O objetivo do estudo foi obter informações sobre as características físico-químicas e sensoriais de melados de marcas comerciais. Foram avaliados 15 melados quanto ao pH, acidez, sólidos solúveis, viscosidade, humidade, sólidos totais, açúcares redutores, cinza e cor instrumental. Cinco marcas foram avaliadas quanto às características sensoriais, preferência e intenção de compra. Os dados físico-químicos obtidos foram avaliados por análise de variância e teste de Tukey (p≤0,05), e os sensoriais por teste de Friedman (p≤0,05). As médias foram: 4,7 para pH; 0,70% de acidez total; 78,7°Brix para sólidos solúveis; 116 St de viscosidade; 18,1% de umidade ; 81,9% de sólidos totais; 38,0% de açúcares redutores; 1,6% de cinza; cor L, a*, b*, respectivamente, 21,0, 1,2 e 2,4. Houve relação da viscosidade sensorial com a instrumental e o teor de sólidos solúveis. Não houve diferenciação para gosto doce. As amostras com maior intenção de compra e preferência foram as mais escuras sensorialmente, aparência bastante viscosa e textura de pouca ou média viscosidade. Há uma grande variação entre os parâmetros físico-químicos de melados de cana-de-açúcar, não significando necessariamente um problema de qualidade tecnológica, e sugere-se revisão das faixas de valores estipuladas na legislação.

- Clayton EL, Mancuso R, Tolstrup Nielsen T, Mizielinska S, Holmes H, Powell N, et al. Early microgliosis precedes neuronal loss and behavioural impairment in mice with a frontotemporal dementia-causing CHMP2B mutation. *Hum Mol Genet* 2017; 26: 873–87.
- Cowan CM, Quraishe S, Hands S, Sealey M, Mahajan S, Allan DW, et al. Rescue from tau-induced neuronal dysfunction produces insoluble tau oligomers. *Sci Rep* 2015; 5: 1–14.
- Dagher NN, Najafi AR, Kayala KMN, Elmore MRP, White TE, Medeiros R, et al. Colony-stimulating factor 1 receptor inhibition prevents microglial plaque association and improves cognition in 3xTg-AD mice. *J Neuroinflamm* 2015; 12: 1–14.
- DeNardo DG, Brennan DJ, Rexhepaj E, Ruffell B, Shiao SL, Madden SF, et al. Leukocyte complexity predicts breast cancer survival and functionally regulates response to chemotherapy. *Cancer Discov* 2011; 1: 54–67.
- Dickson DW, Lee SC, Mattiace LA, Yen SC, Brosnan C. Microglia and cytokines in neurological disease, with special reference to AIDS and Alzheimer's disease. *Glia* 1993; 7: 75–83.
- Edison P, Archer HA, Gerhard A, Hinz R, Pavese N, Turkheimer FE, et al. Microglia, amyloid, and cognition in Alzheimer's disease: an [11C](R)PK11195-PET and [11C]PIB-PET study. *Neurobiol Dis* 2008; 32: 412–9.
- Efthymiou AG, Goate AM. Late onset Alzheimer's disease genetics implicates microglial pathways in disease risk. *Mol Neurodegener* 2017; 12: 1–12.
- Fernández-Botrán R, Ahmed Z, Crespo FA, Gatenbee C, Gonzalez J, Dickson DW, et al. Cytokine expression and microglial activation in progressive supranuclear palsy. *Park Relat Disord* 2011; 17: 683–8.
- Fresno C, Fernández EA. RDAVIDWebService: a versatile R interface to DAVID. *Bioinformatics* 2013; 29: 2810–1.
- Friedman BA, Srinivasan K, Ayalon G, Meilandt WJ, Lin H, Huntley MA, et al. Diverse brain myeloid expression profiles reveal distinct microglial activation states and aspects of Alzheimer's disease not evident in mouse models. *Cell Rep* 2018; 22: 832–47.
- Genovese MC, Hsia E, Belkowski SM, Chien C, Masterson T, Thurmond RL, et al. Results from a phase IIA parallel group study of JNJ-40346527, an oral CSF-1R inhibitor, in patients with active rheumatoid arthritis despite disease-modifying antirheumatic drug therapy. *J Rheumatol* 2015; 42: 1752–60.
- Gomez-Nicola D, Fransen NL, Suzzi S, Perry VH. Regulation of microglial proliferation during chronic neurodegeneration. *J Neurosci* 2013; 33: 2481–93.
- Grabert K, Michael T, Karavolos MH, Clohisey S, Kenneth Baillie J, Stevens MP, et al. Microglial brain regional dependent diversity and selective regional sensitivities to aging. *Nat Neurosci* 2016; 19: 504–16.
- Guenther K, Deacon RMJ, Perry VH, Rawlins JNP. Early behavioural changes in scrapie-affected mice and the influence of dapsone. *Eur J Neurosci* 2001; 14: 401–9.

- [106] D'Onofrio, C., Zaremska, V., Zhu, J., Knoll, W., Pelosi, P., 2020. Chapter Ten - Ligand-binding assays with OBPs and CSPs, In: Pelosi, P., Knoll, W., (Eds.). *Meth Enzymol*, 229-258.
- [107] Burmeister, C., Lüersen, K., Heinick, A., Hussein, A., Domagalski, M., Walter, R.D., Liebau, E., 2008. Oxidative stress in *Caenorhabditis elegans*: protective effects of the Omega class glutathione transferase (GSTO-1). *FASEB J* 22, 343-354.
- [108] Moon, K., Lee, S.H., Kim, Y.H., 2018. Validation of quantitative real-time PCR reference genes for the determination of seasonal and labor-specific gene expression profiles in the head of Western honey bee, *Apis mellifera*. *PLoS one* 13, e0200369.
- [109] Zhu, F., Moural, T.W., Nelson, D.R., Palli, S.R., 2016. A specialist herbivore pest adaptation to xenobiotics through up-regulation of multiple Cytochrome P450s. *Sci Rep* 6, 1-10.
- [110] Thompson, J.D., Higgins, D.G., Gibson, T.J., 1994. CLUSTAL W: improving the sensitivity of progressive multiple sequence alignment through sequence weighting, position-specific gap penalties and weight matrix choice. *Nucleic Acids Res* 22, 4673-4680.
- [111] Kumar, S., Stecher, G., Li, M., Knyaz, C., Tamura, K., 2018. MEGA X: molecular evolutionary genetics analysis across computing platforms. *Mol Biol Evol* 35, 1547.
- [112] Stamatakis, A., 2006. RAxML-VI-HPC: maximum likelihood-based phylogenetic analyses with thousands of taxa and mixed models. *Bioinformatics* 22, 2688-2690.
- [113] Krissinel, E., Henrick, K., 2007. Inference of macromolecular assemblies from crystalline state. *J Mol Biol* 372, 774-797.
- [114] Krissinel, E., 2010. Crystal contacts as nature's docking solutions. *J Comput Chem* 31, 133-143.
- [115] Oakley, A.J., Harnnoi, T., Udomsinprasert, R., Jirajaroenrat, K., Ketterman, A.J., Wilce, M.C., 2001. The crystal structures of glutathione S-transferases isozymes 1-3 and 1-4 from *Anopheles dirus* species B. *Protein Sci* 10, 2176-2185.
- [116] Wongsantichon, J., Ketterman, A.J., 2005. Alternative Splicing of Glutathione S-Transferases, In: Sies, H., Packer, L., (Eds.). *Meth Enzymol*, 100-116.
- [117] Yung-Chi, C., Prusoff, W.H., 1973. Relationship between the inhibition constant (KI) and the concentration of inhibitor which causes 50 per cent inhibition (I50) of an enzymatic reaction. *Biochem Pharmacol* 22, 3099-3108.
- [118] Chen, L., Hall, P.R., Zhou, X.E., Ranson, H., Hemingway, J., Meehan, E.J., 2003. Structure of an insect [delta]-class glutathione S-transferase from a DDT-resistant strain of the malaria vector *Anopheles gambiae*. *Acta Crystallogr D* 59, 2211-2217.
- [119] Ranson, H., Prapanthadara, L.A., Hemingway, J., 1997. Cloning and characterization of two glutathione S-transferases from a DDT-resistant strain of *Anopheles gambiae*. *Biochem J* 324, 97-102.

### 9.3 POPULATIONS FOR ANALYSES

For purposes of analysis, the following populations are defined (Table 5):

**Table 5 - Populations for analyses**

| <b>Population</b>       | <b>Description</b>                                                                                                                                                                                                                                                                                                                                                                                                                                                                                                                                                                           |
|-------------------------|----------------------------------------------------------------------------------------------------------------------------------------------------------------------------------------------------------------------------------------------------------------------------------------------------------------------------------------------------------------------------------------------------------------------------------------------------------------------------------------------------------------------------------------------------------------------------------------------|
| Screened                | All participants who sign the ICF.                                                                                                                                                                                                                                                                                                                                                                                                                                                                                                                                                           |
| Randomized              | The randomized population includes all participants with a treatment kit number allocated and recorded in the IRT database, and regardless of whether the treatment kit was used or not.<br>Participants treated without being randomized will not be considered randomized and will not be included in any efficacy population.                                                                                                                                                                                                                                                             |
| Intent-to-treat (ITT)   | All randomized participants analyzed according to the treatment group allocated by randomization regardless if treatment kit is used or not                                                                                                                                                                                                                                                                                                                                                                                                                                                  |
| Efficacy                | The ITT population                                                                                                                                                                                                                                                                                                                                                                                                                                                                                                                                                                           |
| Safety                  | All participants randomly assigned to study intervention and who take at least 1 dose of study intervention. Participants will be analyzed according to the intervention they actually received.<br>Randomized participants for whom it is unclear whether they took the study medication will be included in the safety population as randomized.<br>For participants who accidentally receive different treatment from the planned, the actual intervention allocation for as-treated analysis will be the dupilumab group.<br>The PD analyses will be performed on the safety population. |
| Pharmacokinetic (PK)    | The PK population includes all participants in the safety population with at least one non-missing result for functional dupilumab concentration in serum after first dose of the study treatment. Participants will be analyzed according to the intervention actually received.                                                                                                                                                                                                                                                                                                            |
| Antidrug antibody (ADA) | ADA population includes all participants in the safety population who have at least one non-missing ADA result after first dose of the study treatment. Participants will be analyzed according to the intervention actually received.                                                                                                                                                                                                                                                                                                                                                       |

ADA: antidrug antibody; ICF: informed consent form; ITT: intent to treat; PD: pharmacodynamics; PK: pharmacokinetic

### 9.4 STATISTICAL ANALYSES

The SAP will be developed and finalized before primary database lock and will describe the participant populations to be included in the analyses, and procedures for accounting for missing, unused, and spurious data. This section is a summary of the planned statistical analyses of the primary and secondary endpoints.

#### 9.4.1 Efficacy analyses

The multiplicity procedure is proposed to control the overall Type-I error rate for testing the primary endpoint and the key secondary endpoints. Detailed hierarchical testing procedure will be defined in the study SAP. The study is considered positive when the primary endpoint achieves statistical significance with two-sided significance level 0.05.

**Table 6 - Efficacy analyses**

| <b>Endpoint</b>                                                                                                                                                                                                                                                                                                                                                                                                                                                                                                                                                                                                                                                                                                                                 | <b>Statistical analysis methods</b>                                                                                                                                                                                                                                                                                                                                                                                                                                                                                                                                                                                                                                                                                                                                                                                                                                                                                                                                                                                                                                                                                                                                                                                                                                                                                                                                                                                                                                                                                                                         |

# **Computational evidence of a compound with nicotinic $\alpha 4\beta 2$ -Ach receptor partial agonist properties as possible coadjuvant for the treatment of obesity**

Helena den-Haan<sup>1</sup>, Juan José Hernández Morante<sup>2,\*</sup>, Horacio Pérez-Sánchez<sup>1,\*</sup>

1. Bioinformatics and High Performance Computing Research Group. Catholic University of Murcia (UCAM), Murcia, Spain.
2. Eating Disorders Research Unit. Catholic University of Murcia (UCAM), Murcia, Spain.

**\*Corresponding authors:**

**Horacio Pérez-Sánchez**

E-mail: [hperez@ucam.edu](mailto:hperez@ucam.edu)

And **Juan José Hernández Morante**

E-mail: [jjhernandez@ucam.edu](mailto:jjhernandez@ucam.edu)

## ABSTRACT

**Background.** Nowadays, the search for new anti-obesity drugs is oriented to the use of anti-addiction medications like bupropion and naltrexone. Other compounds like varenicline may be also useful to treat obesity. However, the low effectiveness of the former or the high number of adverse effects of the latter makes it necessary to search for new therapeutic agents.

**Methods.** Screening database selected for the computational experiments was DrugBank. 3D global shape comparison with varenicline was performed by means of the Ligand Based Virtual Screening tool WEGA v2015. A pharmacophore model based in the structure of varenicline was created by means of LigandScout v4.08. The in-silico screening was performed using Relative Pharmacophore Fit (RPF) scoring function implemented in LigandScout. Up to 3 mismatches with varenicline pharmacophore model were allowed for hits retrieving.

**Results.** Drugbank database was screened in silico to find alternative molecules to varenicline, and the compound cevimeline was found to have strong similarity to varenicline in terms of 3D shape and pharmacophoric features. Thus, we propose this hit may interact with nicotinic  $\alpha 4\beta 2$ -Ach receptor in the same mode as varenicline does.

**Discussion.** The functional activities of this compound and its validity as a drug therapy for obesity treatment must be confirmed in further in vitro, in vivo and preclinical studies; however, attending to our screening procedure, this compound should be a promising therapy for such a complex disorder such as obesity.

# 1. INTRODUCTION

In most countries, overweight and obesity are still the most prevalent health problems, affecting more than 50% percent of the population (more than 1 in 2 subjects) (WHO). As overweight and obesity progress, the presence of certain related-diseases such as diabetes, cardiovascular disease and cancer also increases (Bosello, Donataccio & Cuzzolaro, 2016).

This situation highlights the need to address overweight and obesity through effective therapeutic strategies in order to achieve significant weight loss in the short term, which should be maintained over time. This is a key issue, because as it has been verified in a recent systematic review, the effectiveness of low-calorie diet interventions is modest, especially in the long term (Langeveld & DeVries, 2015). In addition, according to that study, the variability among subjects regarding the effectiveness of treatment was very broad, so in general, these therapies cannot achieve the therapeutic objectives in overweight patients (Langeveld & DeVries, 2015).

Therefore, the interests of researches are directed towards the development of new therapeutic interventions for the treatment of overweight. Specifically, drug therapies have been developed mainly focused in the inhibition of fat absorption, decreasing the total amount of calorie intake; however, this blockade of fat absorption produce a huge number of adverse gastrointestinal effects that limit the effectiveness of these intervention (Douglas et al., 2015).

Palavras-chave: alimentos e nutrição, alimentos naturais, composição de alimentos, cana-de-açúcar.


INTRODUCTION